Names held in our mouths
Cultural knowledge, within Māori and Moana communities, is often passed on through familial lines, both orally or embodied in particular practices and ceremonies. As with any knowledges, these practices are always in flux, responsive to shifting conditions. Colonisation, capitalism and migration have had a particular impact on how practices are continued. Some fall out of use; others adapt to new materials; still others continue on, fuelled by social functions and significance.
The exhibition names held in our mouths considers the structures and pathways six artists and collectives employ to revive or sustain their art, with a particular focus on dormant or at-risk practices. Working primarily outside of formal institutions, these modes of revival and transmission, which range from transnational exchanges, museum studies, and close reading of texts, often depend upon and result in a collective impulse. They also expose a number of oscillating concerns, such as the twin needs of protectionism and open sharing; revival and adaptation; local and global influences. It is often cited in Tongan and Māori language, that we walk backwards into the future. As artists consider what to safeguard for the posterity, we can conceive of the present as a moment pregnant with the past, both informed by and activity constructing our future histories.
Sosefina Andy, Nikau Hindin, Louisa Humphry, Wikuki Kingi, Pacifica Mamas, Kaetaeta Watson, The Veiqia Project.
Curated by Ioana Gordon-Smith.
The Veiqia Project
Margaret Aull (Lautoka), Donita Hulme (Nadroga), Joana Monolagi (Serua), Dulcie Stewart (Bua), Luisa Tora (Kadavu), Tarisi Vunidilo (Kadavu).
The Veiqia Project is a collective of Fijian artists, curators and researchers across Aotearoa New Zealand, Australia and Hawai’i who are inspired by the practice of Fijian female tattooing. Veiqia—in which both daubati (tattooist) and recipients are women—literally marks transition into womanhood. While Christian prohibitions endangered the practice, The Veiqia Project have studied museum collections, scoured ships’ logs and shared talanoa with women of all ages to regenerate conversations about the practice within iTaukei (indigenous Fijian) communities. This process of recovering, collating, creating and sharing is central to the collective, and is the focus of their work commissioned for Te Uru.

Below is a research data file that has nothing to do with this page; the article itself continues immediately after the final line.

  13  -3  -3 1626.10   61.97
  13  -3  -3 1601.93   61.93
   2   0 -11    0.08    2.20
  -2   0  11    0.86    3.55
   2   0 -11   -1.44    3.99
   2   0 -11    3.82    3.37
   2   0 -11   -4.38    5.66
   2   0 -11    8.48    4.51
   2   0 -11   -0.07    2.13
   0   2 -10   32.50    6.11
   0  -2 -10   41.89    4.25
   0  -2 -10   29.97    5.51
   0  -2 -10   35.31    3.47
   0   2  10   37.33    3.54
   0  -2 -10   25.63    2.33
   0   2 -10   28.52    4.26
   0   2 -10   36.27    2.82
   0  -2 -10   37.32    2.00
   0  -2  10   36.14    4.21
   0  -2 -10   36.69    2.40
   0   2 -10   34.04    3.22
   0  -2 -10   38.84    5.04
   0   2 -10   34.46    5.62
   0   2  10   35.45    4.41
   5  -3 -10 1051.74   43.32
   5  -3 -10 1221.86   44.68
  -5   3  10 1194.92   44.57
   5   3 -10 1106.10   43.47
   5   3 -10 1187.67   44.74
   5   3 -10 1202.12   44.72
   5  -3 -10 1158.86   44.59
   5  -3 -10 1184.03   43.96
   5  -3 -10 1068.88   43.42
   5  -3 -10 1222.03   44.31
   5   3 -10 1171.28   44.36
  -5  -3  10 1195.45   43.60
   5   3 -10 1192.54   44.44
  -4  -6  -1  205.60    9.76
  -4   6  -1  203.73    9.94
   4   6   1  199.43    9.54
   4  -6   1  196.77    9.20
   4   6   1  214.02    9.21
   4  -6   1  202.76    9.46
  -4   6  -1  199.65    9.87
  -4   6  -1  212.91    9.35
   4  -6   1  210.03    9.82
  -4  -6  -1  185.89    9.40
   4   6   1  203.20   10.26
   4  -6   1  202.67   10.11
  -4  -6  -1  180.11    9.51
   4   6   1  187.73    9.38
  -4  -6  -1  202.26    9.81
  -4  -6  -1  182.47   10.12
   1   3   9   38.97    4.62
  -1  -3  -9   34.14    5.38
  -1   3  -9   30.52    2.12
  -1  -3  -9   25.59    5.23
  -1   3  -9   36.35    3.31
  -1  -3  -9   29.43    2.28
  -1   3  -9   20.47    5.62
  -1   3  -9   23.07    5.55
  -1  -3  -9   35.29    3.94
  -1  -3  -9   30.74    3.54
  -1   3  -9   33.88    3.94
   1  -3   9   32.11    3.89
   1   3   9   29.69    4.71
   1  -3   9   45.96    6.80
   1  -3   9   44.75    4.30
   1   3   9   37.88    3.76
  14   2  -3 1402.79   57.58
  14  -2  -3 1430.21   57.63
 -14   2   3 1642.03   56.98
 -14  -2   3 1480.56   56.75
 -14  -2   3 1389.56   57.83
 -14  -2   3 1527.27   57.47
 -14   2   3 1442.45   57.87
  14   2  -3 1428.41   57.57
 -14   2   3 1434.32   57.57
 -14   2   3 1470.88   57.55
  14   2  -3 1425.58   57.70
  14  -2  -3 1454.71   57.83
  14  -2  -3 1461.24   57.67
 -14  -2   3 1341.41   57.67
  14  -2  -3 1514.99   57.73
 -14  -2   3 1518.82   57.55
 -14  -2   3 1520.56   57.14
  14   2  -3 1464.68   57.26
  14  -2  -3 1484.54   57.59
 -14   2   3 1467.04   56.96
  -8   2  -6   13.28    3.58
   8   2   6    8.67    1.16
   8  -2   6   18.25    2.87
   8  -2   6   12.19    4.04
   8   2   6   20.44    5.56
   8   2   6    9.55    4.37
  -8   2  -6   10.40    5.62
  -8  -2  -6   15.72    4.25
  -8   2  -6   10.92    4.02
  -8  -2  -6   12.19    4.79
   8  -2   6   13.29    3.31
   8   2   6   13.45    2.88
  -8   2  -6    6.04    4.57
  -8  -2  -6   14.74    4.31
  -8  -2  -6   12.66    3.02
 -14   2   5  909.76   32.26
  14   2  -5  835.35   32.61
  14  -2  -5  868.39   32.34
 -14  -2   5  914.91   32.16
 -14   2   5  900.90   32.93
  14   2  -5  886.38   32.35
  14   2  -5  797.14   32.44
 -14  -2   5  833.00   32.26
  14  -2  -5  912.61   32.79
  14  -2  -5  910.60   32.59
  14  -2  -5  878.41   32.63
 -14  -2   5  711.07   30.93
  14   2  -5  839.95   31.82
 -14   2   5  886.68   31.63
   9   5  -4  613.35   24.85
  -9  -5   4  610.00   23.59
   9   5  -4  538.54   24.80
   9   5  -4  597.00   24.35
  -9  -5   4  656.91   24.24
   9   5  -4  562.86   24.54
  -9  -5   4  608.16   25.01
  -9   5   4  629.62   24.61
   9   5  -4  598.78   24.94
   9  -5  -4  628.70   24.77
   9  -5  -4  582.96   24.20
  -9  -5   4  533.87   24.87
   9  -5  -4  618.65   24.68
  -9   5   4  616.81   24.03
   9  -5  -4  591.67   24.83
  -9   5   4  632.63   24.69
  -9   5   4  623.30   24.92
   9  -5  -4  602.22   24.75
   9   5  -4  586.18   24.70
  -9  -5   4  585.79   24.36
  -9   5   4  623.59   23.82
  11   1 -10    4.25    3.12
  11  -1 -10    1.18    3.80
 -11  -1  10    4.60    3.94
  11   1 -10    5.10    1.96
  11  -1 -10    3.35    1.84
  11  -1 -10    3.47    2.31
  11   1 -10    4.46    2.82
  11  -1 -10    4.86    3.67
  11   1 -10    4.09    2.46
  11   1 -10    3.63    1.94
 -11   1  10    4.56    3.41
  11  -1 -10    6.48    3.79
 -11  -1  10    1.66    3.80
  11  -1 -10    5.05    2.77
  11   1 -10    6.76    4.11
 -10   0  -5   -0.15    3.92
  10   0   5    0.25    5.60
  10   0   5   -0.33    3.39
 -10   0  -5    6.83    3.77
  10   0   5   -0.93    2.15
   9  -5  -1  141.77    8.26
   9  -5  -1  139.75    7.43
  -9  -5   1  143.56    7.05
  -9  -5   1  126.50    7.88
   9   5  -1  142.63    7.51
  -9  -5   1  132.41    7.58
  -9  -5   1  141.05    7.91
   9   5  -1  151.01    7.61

In the centre of the gallery sits Rai Lesu, an artistic model of a bure kalou; a Fijian spirit house and site of guidance. Working in a master-apprentice relationship, Joana Monolagi guides Luisa Tora through the techniques of weaving cane and magimagi while acknowledging their respective tribal affiliations; Monolagi as a bete (priests, advisers) and Tora as a mataisau (artisans, builders). Rai Lesu translates loosely into English as ‘to look back’. Here, it supports Monolagi and Tora’s intergenerational relationship as a mode of knowledge transmission with a long history, extending beyond the living into the ancestral realm.
Around the walls is a frieze of 19th century landscape images, paintings of Matakau (material representations of ancestors) and weniqia patterns worn and chosen by The Veiqia Project members. The selection layers formal and informal archives. It also binds the past and present in a loop. Just as contemporary practice revives knowledge, so too does research ignite contemporary practice. As Dulcie Stewart and Donita Hulme notes, “weniqia are appearing again on Fijian women’s skin, and the words are returning to our mouths”.